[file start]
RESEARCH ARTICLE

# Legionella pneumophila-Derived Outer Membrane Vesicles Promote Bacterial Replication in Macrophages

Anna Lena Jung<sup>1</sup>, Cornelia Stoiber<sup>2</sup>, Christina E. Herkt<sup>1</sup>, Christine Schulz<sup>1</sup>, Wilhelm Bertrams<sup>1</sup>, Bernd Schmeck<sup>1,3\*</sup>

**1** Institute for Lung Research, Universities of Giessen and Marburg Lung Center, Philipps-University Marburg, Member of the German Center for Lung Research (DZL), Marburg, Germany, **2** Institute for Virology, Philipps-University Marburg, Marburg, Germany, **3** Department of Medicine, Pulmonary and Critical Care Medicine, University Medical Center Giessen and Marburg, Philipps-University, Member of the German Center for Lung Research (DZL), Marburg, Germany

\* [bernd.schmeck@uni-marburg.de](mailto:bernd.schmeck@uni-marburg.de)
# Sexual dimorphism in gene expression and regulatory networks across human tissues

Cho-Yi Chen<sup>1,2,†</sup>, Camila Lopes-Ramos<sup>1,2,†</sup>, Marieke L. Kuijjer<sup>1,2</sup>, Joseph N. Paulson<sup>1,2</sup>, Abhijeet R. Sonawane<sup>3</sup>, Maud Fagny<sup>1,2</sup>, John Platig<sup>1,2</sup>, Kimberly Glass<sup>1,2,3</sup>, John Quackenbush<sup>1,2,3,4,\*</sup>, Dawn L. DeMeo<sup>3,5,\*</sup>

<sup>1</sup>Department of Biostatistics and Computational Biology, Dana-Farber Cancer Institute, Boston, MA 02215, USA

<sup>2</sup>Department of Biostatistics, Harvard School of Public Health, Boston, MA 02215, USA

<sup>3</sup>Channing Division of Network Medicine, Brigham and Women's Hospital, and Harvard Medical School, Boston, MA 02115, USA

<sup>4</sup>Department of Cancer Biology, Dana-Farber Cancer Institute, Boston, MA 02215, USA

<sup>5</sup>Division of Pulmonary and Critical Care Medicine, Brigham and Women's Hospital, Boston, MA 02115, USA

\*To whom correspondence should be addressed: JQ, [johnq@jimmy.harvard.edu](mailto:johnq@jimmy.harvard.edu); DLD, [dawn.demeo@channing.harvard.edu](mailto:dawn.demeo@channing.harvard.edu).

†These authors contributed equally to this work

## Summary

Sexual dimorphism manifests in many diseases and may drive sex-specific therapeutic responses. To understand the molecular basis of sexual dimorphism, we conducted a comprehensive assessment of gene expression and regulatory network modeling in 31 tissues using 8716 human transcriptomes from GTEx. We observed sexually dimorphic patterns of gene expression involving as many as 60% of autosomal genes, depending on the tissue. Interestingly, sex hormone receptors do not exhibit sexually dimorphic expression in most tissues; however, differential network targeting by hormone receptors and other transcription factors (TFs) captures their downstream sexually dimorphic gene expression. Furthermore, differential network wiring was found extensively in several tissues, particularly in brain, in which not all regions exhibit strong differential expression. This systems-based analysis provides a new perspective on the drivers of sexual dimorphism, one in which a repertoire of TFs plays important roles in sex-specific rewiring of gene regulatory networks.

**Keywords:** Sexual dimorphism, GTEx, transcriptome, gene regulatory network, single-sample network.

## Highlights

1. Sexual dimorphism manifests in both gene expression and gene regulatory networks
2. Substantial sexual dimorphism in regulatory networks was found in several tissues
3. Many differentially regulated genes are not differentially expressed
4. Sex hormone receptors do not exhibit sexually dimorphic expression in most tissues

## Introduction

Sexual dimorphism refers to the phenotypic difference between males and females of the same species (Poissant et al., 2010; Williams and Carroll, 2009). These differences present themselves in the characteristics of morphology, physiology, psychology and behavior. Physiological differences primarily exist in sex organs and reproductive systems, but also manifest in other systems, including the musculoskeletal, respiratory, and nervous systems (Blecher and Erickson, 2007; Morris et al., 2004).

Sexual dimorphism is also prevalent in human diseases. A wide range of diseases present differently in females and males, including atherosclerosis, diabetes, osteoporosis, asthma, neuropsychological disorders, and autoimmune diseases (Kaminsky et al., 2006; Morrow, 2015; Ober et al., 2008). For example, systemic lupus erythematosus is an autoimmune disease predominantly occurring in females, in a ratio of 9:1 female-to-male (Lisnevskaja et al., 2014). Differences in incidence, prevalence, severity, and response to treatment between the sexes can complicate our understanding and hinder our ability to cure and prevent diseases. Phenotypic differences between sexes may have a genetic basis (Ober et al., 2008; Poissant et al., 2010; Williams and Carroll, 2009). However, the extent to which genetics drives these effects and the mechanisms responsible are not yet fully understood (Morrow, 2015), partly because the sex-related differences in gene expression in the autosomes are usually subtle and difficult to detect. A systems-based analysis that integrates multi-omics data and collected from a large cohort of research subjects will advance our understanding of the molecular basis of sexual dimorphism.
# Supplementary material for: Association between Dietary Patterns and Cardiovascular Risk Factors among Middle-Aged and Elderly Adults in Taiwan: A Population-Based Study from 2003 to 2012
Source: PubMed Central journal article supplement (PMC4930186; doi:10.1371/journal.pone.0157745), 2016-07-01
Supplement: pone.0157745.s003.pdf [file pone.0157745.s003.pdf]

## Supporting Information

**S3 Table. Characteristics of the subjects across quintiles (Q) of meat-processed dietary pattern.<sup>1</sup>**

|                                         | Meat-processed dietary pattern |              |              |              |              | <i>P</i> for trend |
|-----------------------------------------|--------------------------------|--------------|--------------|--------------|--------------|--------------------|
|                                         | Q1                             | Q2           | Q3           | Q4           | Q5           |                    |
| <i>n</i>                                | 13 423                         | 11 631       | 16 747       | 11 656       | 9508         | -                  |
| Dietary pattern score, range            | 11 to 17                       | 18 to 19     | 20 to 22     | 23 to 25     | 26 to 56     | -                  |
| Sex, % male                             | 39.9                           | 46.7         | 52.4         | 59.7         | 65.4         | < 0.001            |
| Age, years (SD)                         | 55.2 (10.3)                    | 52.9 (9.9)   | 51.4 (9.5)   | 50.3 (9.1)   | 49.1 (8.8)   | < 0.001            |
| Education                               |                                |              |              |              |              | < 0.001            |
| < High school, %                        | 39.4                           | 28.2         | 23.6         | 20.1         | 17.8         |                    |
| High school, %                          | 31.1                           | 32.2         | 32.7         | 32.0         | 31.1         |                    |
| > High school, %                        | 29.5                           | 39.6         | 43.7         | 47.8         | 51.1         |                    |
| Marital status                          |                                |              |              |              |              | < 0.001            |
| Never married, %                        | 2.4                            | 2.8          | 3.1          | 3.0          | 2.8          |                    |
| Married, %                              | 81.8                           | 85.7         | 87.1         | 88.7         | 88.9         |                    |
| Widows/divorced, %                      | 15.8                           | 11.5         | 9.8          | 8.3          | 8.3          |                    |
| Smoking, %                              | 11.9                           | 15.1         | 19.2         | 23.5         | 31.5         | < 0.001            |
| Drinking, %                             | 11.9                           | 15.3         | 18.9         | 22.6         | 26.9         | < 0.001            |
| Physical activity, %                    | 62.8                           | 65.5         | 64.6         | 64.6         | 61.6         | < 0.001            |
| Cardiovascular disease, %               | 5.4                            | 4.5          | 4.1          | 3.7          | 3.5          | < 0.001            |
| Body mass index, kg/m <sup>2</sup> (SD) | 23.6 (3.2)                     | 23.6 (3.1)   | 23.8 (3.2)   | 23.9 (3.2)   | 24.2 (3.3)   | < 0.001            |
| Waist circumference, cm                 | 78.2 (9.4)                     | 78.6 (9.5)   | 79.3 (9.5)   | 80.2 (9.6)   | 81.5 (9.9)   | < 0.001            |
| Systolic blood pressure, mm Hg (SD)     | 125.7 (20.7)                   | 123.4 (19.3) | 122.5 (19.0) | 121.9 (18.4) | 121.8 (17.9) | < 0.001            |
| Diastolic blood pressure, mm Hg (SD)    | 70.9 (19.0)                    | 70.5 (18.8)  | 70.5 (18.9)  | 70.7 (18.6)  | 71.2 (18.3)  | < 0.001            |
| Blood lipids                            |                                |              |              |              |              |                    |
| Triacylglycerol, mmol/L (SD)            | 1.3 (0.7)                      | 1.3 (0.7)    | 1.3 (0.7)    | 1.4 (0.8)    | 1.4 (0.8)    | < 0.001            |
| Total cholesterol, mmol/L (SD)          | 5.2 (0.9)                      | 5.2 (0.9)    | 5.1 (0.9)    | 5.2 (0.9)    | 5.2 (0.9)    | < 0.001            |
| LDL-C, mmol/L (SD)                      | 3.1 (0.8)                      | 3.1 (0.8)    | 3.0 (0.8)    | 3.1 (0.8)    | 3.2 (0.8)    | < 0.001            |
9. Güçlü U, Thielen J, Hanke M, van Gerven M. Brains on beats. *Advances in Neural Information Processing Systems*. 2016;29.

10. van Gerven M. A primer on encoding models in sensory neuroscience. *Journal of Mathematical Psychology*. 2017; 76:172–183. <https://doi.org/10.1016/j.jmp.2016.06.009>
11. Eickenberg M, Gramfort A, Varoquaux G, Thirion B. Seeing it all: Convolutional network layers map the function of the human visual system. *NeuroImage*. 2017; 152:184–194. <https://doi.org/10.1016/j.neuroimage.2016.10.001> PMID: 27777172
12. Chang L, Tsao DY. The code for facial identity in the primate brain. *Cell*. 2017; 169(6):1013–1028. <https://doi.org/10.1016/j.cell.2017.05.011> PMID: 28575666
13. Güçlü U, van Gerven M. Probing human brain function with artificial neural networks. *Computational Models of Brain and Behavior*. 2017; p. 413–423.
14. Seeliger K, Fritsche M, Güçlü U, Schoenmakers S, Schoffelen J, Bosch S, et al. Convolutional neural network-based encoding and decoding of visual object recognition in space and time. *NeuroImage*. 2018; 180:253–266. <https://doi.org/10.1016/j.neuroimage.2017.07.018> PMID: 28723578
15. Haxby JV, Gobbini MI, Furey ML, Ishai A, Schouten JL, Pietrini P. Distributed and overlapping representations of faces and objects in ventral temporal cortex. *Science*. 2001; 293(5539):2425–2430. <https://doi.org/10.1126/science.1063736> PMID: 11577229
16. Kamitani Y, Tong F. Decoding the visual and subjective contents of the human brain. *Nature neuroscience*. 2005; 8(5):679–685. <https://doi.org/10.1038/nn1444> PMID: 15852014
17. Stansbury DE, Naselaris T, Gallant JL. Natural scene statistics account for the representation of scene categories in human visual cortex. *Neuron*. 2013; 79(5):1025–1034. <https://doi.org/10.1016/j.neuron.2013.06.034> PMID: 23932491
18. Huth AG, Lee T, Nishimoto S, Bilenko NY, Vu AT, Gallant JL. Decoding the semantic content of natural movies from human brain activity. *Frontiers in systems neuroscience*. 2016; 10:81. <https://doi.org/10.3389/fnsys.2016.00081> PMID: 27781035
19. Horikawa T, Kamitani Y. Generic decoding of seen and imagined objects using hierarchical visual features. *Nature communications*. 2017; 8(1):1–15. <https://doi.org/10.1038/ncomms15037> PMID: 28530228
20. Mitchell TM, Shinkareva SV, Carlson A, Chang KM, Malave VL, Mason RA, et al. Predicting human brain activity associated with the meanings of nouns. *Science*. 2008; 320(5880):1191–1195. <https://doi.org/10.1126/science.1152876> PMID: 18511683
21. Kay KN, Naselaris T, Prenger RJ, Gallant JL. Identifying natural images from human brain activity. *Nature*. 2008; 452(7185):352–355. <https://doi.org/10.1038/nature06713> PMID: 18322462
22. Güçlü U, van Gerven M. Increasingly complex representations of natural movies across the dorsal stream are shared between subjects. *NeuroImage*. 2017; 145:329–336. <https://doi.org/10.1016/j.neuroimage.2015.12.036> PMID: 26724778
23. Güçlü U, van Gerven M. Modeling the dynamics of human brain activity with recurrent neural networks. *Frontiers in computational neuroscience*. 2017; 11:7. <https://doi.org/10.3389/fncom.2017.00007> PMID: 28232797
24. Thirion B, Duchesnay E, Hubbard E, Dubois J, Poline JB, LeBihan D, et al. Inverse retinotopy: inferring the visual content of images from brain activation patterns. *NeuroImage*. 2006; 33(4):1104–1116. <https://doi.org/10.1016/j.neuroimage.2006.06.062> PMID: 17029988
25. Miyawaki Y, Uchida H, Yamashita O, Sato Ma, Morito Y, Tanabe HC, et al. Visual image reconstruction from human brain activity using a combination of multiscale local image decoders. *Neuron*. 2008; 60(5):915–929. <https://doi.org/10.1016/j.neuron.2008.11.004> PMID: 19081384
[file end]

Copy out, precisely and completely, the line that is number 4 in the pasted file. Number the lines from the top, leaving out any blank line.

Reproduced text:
**1** Institute for Lung Research, Universities of Giessen and Marburg Lung Center, Philipps-University Marburg, Member of the German Center for Lung Research (DZL), Marburg, Germany, **2** Institute for Virology, Philipps-University Marburg, Marburg, Germany, **3** Department of Medicine, Pulmonary and Critical Care Medicine, University Medical Center Giessen and Marburg, Philipps-University, Member of the German Center for Lung Research (DZL), Marburg, Germany